As well as a pair of stereo earphones, Orange provides the cable you need to connect the SPV C600 to a PC, a copy of Outlook 2002 to store your calendar and contacts on your PC, synchronisation software and printed quick-start and handset manuals. Mac users are not catered for.
Getting around the applications on the handset is easy. Orange has its own Home screen with an icon bar in a vertical strip down the left edge. As you highlight each icon using the mini joystick it provides access to important software like contacts, SMS and email tools, your diary and Internet Explorer. There is also an icon that provides access to any four applications you choose.
When added to the softkeys, this system should provide quick firing up of most of what you need. The rest is available across a series of screens that offer a three-by-three grid of icons. No function is more than a couple of button presses away.
The SPV C600 functions perfectly well on its own as a phone and as a store for your diary, contacts and tasks. But it doesn't fulfil its role as a smartphone by working solo. It was made for sharing data, and specifically, to provide you with a duplicate of the important diary, contact and other information you have access to on your desk.
To help all this work you get a copy of Outlook in case you don't have it already. ActiveSync, Microsoft's synchronisation software, is also included. We'd suggest that if you are presented, as we were with our review unit, with ActiveSync version 4.0, you pop along to Microsoft's Web site and download the 4.1 version, as it irons out a few problems.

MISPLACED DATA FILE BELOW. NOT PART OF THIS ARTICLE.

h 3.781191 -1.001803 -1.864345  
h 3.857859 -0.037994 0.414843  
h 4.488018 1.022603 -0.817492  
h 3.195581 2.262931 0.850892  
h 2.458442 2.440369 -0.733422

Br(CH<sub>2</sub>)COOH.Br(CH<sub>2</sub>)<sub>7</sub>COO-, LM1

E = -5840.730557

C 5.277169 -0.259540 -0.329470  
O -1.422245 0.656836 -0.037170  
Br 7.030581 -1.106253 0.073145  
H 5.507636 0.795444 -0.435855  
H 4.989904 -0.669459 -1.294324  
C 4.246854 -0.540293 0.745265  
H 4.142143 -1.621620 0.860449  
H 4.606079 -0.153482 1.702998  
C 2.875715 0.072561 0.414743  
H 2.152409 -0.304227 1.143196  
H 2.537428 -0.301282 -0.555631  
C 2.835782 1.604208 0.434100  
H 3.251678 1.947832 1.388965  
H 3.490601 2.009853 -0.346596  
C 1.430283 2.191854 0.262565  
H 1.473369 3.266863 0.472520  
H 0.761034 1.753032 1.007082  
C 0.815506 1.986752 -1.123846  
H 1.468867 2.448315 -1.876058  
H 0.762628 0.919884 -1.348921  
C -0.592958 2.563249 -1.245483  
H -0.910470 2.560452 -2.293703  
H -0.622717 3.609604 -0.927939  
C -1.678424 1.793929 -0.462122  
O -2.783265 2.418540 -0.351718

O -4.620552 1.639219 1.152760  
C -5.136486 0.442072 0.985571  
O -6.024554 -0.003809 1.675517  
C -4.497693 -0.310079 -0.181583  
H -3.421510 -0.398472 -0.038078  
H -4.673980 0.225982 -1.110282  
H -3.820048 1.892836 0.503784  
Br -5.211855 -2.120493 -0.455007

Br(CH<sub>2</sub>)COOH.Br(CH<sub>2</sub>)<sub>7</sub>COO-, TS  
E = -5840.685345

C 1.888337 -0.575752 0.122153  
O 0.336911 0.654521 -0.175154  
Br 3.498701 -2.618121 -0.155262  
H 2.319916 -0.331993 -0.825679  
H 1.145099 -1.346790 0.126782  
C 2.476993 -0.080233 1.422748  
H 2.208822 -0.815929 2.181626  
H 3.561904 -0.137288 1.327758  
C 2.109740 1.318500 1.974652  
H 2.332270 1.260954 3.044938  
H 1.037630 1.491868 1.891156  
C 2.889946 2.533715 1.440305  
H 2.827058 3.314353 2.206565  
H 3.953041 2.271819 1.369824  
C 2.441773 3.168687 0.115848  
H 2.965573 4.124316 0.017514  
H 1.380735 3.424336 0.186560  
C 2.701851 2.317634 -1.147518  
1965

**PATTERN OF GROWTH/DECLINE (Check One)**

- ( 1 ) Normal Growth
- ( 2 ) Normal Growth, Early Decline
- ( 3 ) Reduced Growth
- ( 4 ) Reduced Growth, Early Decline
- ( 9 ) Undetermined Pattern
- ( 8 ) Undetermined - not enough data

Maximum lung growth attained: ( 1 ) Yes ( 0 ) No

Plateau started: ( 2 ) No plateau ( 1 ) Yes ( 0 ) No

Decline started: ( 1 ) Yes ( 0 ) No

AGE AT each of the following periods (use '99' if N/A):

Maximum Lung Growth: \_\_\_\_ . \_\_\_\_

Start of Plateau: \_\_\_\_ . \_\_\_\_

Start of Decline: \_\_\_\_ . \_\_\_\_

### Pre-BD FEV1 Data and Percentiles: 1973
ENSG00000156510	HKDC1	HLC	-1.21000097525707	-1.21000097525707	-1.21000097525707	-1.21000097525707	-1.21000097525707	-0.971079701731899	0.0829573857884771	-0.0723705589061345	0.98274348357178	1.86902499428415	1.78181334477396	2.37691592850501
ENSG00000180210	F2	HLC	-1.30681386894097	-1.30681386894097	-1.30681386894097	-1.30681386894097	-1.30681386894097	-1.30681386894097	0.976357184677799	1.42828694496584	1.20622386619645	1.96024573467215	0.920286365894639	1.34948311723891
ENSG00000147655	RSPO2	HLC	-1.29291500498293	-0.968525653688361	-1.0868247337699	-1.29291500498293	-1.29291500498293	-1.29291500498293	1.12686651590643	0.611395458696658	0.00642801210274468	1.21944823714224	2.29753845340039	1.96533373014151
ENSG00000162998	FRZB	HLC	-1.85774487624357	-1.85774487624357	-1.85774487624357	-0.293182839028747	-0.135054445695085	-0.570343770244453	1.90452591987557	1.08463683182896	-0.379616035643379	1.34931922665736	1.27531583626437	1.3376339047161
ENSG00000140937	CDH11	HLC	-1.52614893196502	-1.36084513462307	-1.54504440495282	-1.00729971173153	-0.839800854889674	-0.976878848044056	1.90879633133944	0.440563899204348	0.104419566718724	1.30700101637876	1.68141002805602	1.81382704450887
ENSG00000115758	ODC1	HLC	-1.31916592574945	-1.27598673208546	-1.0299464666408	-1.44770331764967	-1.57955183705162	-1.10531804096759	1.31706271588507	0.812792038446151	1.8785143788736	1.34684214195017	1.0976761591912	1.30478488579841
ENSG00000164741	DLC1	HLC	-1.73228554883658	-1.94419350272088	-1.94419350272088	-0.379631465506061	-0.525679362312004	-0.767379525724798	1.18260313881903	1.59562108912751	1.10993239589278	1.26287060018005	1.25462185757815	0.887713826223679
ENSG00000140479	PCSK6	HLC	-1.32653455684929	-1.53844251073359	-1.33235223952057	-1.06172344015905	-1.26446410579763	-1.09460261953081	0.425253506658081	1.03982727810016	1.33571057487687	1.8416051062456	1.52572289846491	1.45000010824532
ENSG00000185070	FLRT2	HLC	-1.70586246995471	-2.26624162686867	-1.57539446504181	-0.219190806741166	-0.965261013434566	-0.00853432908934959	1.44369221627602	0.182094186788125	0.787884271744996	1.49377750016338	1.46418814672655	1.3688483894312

You use the ActiveSync software to share contacts, calendar, tasks and email. If you have Windows Media Player 10 on your PC you can synchronise music, playlists pictures and videos through this.
With so much synchronisation on offer you are going to want plenty of memory on your device. This is where things come unstuck, as there isn't a great deal available to begin with. Not all of the 64MB internal memory is accessible, and while Orange provides a top-up in the shape of a miniSD card, this only adds 32MB more.
If you want to get serious about using the SPV C600 as a music phone, for example, you'll need to invest in a considerably bigger card. Don't even think about using several smaller cards and swapping them in and out because the card slot is under the battery, so you need to power down to do a swap. This is irritating in itself, but doubly so because Windows Mobile smartphones are notoriously slow at starting up from cold.
In general use as a handset, the SPV C600 functioned very well. Calls were audible, the speakerphone is loud, and we didn't get any dropped calls. The side rocker makes it very easy to adjust volume during a call.
Because the SPV C600 can function as a mobile music player and will synchronise tunes with Windows Media Player 10 we decided to run a test of its ability to play music non-stop. We set the screen to stay always on for this. In real life you'll probably not mind having the screen turn off automatically, so this way means we thrashed the battery more than you will. We got just over 8 hours of battery life, and music playback right to the bitter end. We were pleased that the phone lasted more than an hour after it first told us the battery was low, too.
Edited by Mary Lojkine
Additional editing by Nick Hide